|J. G. Ali, Alborn, H. T., Stelinski, L. L.
|Journal of Ecology
Indirect plant defences are well documented for the above-ground constituents of plants. Although less investigated to date, below-ground defences that mediate multitrophic interactions are equally important. Entomopathogenic nematodes (Steinernema diaprepesi) are attracted to herbivore- induced volatiles from Swingle var. (Citrus paradisi [center dot] Poncirus trifoliata) when fed upon by root weevil, Diaprepes abbreviatus. 2. We examined the extent to which below-ground volatiles modify behaviour of nematode species representing various foraging strategies (cruisers versus ambushers) and trophic levels (plant parasites versus entomopathogens). We compared attraction to volatiles of weevil-infested and non-infested roots from Swingle citrus rootstock and a parent line of the Swingle hybrid, Poncirus trifoliata (Pt). 3. Swingle weevil-infested roots attracted more nematodes than non-infested roots irrespective of nematode foraging strategy and trophic status. The parental line, Pt, attracted all nematode species irrespective of insect herbivory. 4. Dynamic in situ collection and GC[long dash]MS analysis of volatiles from soil revealed that Pt roots release attracting cues constitutively. A different non-hybrid citrus species (sour orange, Citrus aurantium) released nematode attracting cues only in response to larval feeding, similar to responses found in Swingle. Volatile collections from above- and below-ground portions of citrus plants revealed that above-ground feeding by weevils does not induce production of nematode attracting cues analogous to that induced by root damage, nor does damage by larvae below-ground induce a similar volatile above ground. 5. Synthesis. Our results suggest that release of nematode attractants by citrus roots occurs broadly and can be constant or herbivore-induced. The major constituent of this indirect defence is produced by roots and not shoots and in response to below-ground, but not above-ground herbivory. Our findings suggest that this cue acts on nematode species broadly, attracting entomopathogenic nematodes that exhibit various foraging strategies. Unexpectedly, we also found that this cue attracts a plant parasitic nematode species. It appears, thus, that release of nematode attracting cues by citrus plants can cause ecological costs. The plants, however, appear to counteract against these costs, because constitutive release was found only in a cultivar that is resistant to phytopathogenic nematodes, while herbivore-induced release occurred in lines susceptible to pathogenic nematode species.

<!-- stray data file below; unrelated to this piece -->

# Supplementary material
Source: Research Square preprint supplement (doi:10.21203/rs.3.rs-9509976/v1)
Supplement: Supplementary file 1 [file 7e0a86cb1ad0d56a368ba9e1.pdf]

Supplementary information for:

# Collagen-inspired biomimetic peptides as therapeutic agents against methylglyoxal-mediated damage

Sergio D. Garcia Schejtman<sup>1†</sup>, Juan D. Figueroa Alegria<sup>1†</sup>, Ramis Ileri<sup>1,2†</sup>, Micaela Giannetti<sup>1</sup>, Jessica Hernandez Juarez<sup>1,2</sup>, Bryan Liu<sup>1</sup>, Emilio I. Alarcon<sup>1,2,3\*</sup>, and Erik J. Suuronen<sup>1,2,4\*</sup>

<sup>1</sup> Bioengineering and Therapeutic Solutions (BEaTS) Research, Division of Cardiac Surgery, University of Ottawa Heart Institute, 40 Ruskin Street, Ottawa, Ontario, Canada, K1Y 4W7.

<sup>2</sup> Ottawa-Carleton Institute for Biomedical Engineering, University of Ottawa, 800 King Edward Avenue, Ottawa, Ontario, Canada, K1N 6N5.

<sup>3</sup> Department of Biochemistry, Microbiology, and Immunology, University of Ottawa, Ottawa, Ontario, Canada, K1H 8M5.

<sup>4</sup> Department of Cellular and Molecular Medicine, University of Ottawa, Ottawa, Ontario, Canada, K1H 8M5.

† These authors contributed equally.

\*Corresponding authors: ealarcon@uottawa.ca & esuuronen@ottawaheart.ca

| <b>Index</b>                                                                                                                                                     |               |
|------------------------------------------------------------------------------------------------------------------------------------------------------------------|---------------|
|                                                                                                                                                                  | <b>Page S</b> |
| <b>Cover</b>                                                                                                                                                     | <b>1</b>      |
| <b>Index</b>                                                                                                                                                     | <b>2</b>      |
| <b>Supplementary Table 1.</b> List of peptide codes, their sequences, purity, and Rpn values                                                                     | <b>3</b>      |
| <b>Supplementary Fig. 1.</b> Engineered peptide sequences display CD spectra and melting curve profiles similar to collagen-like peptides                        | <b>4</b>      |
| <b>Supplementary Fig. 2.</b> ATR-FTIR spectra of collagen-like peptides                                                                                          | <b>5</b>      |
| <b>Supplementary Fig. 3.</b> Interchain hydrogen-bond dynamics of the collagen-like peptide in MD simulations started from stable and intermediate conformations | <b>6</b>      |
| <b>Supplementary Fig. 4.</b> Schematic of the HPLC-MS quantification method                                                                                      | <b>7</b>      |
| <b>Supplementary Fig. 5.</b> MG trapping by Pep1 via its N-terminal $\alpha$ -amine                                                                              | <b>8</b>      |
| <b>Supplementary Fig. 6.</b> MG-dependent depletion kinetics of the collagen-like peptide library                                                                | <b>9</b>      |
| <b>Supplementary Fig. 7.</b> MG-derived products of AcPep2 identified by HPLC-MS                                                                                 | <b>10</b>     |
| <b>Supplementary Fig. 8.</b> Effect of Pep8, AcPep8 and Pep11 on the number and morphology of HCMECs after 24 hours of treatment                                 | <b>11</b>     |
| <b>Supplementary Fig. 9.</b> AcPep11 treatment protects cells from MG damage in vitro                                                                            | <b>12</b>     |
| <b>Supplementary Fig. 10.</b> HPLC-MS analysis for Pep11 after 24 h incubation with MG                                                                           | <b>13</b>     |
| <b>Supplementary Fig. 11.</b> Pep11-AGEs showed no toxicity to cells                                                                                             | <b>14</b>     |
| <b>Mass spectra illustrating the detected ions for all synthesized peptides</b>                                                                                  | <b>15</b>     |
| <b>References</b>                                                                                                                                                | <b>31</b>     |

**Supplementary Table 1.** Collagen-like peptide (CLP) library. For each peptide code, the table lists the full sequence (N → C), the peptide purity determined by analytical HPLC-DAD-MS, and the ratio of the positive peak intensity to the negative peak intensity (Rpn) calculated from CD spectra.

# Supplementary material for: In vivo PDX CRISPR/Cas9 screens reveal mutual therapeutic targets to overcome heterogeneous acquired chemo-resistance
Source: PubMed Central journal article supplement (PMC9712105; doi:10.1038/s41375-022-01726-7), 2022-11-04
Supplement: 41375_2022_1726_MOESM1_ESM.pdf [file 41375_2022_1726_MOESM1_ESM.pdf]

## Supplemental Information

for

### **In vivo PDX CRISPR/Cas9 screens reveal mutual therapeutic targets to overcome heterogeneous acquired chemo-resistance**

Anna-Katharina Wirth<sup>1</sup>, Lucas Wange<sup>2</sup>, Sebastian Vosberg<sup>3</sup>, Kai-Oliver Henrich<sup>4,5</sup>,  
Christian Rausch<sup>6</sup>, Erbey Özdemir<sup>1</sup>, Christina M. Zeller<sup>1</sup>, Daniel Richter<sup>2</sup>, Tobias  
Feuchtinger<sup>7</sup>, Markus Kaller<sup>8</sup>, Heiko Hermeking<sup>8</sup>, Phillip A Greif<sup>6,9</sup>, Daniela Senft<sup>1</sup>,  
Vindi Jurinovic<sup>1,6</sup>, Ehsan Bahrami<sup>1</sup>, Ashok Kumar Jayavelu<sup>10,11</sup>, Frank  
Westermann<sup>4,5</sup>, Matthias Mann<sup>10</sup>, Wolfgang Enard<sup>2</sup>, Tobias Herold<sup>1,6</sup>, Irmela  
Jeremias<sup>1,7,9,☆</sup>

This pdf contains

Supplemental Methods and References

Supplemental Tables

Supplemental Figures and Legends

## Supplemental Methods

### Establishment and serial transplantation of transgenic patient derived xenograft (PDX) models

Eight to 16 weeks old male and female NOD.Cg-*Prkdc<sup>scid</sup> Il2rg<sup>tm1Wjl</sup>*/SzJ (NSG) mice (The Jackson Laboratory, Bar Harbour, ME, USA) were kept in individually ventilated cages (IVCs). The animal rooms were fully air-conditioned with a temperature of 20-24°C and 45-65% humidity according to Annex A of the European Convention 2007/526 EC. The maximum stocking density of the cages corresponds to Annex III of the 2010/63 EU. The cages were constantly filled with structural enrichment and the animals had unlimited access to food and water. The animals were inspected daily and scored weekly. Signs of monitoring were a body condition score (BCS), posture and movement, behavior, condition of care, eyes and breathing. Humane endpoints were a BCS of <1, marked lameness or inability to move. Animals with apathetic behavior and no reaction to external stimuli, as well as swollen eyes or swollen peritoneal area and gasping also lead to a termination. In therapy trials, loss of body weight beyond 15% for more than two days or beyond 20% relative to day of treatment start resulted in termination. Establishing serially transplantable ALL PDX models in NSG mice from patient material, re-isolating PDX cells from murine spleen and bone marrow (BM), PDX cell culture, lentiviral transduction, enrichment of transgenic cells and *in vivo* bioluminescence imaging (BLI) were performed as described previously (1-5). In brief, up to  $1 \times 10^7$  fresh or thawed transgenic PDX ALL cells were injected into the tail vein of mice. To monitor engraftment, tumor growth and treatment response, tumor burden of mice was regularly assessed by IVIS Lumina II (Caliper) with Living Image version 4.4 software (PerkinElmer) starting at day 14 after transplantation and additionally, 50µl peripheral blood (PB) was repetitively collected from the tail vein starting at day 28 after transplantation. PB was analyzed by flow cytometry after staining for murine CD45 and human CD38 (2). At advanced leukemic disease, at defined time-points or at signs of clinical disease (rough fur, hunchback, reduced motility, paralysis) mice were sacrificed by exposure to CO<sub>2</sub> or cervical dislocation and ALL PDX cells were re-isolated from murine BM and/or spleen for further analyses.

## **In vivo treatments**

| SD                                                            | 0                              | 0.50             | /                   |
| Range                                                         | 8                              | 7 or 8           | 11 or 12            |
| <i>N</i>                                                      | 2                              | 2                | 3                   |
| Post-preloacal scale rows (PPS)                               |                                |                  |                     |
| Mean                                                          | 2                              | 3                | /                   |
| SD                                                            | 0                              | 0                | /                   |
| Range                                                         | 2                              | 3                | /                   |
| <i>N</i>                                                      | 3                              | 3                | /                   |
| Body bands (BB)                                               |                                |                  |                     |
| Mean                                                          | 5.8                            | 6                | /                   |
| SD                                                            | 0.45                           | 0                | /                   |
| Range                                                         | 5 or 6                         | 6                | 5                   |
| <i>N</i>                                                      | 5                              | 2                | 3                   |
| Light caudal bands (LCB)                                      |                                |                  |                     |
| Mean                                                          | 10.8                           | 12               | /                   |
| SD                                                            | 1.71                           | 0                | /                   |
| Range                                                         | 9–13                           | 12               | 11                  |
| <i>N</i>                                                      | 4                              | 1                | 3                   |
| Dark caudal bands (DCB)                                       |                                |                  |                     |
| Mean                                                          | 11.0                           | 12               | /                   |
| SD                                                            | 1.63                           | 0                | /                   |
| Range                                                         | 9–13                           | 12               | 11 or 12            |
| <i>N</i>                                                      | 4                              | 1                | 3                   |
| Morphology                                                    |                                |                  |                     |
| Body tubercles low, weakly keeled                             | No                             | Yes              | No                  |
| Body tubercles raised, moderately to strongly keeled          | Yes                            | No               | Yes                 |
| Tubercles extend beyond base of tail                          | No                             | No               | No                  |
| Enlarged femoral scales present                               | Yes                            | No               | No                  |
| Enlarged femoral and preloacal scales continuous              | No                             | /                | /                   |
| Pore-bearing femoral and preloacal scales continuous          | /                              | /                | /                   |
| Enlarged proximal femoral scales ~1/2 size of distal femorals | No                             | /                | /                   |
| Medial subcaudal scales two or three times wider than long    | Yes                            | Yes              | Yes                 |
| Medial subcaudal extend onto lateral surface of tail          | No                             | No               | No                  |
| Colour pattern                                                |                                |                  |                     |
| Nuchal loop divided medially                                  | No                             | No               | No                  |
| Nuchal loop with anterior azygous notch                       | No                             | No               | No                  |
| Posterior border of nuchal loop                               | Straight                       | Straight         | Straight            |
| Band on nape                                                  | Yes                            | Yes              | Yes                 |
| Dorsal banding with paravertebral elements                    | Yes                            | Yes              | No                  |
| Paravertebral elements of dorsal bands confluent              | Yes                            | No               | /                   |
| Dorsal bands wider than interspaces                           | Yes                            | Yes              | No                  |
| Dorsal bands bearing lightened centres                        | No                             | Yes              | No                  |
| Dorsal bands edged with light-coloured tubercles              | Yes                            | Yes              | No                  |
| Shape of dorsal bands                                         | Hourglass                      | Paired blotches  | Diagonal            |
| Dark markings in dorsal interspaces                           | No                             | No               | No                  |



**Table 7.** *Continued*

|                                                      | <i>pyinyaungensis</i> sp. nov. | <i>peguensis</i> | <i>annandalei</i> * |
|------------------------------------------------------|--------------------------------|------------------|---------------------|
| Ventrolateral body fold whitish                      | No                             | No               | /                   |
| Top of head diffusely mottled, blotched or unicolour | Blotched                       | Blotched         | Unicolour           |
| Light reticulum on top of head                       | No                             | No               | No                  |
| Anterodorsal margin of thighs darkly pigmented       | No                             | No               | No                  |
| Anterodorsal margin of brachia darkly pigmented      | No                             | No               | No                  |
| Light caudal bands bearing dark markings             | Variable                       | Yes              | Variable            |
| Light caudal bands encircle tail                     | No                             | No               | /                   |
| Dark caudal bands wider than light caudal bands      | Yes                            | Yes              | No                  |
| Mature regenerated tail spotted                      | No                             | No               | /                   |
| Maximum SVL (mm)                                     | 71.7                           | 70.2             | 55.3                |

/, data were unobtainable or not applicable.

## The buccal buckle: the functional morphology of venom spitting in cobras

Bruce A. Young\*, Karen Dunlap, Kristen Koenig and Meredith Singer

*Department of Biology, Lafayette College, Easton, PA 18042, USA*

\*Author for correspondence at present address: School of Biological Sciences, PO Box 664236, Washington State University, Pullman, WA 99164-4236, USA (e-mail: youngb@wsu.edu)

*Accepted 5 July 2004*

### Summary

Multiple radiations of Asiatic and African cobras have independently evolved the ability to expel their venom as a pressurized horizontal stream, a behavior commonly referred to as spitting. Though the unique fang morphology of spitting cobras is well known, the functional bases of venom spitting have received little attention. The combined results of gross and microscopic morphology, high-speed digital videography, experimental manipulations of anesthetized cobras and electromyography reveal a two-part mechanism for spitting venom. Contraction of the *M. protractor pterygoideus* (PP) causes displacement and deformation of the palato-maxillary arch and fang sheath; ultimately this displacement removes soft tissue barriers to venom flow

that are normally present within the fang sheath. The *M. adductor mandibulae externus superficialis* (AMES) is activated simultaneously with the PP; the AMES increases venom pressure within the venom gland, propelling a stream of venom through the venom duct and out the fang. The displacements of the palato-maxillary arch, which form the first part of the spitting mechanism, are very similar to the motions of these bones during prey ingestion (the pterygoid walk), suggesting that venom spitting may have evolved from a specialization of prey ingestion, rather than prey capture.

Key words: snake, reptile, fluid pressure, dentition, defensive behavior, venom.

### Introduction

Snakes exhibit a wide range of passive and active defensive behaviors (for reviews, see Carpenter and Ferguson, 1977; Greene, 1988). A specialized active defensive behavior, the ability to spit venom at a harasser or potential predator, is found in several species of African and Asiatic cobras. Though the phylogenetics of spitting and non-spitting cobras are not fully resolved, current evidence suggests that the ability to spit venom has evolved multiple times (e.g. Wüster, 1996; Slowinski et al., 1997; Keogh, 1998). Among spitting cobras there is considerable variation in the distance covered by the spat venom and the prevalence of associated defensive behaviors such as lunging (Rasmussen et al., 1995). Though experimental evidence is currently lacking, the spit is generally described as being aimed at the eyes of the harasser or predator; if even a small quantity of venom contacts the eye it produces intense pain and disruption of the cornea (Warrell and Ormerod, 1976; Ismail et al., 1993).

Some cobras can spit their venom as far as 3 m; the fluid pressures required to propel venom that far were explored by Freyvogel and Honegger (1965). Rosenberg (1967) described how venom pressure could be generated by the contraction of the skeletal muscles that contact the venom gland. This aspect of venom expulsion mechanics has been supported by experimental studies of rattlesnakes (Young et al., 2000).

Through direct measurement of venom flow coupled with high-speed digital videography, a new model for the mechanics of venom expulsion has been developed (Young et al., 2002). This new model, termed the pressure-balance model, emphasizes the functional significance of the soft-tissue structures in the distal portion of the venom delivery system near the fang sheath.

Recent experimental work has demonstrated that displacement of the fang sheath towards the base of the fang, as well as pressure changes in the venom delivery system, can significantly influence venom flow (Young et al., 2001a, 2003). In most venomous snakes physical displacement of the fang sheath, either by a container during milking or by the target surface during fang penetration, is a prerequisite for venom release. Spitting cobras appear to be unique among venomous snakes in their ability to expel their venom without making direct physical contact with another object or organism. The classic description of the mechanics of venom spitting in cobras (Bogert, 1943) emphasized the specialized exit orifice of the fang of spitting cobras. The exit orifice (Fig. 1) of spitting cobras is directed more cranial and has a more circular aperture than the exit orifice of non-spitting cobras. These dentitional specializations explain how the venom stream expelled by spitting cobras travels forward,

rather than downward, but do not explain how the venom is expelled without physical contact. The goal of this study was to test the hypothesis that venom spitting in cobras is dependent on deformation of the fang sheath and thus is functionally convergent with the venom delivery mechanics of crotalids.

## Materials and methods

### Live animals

Constitutive and induced subterranean plant volatiles attract both entomopathogenic and plant parasitic nematodes